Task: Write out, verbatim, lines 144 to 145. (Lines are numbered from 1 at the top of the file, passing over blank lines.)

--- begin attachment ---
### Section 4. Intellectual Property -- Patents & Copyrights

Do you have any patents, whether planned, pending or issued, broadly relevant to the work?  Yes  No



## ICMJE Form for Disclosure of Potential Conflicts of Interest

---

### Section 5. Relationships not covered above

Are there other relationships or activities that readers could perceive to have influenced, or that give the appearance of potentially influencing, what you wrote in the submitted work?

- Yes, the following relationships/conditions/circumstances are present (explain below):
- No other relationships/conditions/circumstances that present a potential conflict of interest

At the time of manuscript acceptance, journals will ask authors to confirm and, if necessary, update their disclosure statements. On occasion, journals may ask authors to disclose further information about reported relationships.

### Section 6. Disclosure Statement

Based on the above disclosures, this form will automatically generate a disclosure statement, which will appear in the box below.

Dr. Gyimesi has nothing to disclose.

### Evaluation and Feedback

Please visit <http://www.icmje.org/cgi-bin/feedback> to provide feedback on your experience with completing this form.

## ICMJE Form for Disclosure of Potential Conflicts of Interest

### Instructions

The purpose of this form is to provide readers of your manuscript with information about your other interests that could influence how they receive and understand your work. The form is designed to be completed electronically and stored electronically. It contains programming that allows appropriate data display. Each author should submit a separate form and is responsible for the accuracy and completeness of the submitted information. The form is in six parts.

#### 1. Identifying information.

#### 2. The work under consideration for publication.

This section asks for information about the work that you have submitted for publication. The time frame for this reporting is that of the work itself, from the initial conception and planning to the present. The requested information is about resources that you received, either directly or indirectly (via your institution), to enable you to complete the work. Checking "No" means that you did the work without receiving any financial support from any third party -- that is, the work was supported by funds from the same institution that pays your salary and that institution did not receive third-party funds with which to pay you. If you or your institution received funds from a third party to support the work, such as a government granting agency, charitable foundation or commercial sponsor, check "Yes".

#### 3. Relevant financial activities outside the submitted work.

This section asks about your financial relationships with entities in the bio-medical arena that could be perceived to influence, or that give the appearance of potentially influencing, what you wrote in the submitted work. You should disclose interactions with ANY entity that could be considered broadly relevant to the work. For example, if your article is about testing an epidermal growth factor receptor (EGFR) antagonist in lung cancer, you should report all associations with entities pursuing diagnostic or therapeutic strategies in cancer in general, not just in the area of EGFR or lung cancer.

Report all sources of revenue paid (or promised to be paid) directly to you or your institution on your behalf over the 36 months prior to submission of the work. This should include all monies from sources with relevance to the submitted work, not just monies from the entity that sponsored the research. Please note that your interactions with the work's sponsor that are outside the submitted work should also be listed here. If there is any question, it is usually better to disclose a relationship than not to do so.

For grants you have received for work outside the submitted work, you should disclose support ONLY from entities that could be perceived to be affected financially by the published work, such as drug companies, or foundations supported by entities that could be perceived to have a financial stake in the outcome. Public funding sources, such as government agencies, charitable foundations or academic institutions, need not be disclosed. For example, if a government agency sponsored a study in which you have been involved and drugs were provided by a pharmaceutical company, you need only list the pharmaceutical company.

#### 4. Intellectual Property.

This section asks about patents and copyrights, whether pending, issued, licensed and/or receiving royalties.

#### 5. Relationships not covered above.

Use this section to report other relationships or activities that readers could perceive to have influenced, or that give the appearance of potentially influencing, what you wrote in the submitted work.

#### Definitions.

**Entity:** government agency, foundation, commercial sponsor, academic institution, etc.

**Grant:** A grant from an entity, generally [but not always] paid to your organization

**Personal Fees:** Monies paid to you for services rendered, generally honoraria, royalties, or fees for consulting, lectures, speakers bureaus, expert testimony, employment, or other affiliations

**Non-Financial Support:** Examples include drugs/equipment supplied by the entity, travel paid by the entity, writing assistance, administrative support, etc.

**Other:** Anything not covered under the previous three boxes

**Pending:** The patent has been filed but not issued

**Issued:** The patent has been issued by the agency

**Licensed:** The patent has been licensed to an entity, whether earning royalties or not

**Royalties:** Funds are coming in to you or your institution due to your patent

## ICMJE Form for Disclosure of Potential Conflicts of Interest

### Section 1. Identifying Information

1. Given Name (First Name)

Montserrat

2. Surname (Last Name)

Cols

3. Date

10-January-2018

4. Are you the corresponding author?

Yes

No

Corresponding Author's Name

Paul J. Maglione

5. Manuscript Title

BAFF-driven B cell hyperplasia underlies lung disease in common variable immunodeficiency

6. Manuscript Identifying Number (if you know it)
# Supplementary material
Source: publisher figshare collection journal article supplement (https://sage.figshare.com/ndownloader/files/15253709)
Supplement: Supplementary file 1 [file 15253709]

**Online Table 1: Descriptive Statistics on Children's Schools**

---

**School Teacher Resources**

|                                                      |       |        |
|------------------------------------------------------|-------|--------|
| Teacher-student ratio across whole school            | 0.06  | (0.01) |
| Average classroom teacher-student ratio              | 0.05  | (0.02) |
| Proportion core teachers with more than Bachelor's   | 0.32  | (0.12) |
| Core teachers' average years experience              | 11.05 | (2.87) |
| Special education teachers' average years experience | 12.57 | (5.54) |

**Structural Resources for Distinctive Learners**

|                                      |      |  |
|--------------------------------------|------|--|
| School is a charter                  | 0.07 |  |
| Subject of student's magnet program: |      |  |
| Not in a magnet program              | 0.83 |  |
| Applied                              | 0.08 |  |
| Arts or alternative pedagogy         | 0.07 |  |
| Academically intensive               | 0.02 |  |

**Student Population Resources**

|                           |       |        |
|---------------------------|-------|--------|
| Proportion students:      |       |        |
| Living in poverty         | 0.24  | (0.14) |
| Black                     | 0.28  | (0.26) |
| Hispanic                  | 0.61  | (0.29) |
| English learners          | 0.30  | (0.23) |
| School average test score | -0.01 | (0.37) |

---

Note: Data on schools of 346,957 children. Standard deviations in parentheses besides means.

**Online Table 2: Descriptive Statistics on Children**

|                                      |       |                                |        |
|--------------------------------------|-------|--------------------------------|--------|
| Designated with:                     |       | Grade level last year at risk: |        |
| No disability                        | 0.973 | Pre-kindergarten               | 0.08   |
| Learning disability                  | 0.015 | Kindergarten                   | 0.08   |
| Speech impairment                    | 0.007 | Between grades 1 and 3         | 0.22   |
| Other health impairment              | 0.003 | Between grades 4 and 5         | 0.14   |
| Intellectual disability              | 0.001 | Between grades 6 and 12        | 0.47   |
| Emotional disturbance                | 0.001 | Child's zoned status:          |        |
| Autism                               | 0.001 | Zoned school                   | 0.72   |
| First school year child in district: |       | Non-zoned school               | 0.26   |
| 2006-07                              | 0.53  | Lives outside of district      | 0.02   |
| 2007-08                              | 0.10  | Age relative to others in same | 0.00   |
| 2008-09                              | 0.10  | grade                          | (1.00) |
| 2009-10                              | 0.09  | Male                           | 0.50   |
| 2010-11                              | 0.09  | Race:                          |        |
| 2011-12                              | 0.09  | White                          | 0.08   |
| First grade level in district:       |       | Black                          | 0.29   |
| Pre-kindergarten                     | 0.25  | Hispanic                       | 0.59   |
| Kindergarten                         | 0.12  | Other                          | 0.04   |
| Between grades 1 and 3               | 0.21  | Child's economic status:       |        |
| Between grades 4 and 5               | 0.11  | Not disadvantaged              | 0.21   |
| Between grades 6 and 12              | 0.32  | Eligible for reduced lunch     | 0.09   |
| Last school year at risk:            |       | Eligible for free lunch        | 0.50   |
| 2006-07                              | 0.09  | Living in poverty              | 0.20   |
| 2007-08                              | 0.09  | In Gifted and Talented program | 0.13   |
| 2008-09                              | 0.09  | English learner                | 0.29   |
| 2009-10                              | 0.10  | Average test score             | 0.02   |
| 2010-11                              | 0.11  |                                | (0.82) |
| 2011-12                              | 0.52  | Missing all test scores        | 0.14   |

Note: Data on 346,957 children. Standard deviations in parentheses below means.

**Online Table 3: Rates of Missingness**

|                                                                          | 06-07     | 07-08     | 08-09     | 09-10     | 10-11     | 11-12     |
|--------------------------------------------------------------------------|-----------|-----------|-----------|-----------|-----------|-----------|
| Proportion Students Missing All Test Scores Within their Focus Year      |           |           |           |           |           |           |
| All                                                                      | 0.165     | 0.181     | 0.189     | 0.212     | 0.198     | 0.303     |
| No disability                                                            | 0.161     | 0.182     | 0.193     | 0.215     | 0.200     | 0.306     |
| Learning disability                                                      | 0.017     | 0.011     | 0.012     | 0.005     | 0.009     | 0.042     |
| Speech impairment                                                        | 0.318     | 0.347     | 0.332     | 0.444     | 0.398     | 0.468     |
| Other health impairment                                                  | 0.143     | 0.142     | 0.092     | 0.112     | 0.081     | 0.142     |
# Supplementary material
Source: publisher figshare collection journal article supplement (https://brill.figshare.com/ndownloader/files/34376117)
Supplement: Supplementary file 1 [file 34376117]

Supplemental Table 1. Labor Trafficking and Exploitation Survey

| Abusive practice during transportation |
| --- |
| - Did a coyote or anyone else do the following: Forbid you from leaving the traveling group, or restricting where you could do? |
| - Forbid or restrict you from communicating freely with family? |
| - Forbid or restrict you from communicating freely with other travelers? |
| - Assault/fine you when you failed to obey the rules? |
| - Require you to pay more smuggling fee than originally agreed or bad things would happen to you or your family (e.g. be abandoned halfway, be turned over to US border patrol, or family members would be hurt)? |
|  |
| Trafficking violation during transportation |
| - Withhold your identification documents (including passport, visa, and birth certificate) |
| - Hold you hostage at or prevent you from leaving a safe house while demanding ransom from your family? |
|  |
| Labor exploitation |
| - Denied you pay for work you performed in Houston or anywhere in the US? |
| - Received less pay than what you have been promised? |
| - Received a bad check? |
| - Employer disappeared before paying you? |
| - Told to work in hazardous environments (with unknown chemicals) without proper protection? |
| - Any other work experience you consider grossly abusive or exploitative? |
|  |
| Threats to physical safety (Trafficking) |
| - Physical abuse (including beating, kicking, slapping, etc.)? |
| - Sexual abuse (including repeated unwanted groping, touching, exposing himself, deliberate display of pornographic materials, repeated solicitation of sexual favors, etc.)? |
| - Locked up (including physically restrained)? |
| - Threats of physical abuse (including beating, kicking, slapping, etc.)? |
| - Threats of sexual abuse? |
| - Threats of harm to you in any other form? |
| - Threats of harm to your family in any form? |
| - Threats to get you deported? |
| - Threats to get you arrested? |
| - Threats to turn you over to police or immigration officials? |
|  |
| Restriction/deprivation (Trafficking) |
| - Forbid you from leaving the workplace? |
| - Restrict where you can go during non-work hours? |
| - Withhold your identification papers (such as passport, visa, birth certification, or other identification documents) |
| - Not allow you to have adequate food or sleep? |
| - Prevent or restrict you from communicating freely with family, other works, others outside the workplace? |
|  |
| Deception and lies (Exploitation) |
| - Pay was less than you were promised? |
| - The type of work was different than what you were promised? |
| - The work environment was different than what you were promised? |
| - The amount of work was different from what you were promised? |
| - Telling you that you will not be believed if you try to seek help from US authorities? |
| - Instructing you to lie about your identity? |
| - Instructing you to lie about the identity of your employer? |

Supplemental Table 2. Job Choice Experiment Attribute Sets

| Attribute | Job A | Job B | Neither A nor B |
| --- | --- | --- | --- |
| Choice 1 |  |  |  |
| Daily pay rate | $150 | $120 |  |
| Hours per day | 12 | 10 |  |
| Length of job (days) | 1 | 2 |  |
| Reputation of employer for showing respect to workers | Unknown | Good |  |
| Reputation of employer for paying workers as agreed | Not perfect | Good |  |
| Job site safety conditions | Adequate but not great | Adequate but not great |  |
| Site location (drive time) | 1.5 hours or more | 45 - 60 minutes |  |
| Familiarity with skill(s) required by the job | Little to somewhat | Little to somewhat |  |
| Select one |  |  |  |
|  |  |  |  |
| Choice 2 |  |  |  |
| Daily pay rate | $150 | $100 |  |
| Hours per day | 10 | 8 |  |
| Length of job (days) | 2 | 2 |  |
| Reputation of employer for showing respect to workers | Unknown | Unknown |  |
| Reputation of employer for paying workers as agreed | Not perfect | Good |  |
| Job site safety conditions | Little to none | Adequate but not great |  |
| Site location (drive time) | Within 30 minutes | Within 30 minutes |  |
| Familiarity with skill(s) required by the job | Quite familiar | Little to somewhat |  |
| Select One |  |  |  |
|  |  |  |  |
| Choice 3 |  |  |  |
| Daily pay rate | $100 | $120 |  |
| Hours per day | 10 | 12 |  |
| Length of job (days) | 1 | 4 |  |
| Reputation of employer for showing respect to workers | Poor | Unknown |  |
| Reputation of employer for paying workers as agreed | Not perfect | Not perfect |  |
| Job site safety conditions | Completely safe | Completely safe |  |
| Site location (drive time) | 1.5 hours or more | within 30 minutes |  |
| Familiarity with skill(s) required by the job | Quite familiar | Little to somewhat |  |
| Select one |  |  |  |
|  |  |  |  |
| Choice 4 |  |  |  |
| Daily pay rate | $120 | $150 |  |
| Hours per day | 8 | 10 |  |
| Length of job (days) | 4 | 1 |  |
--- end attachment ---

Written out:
|  |
| Labor exploitation |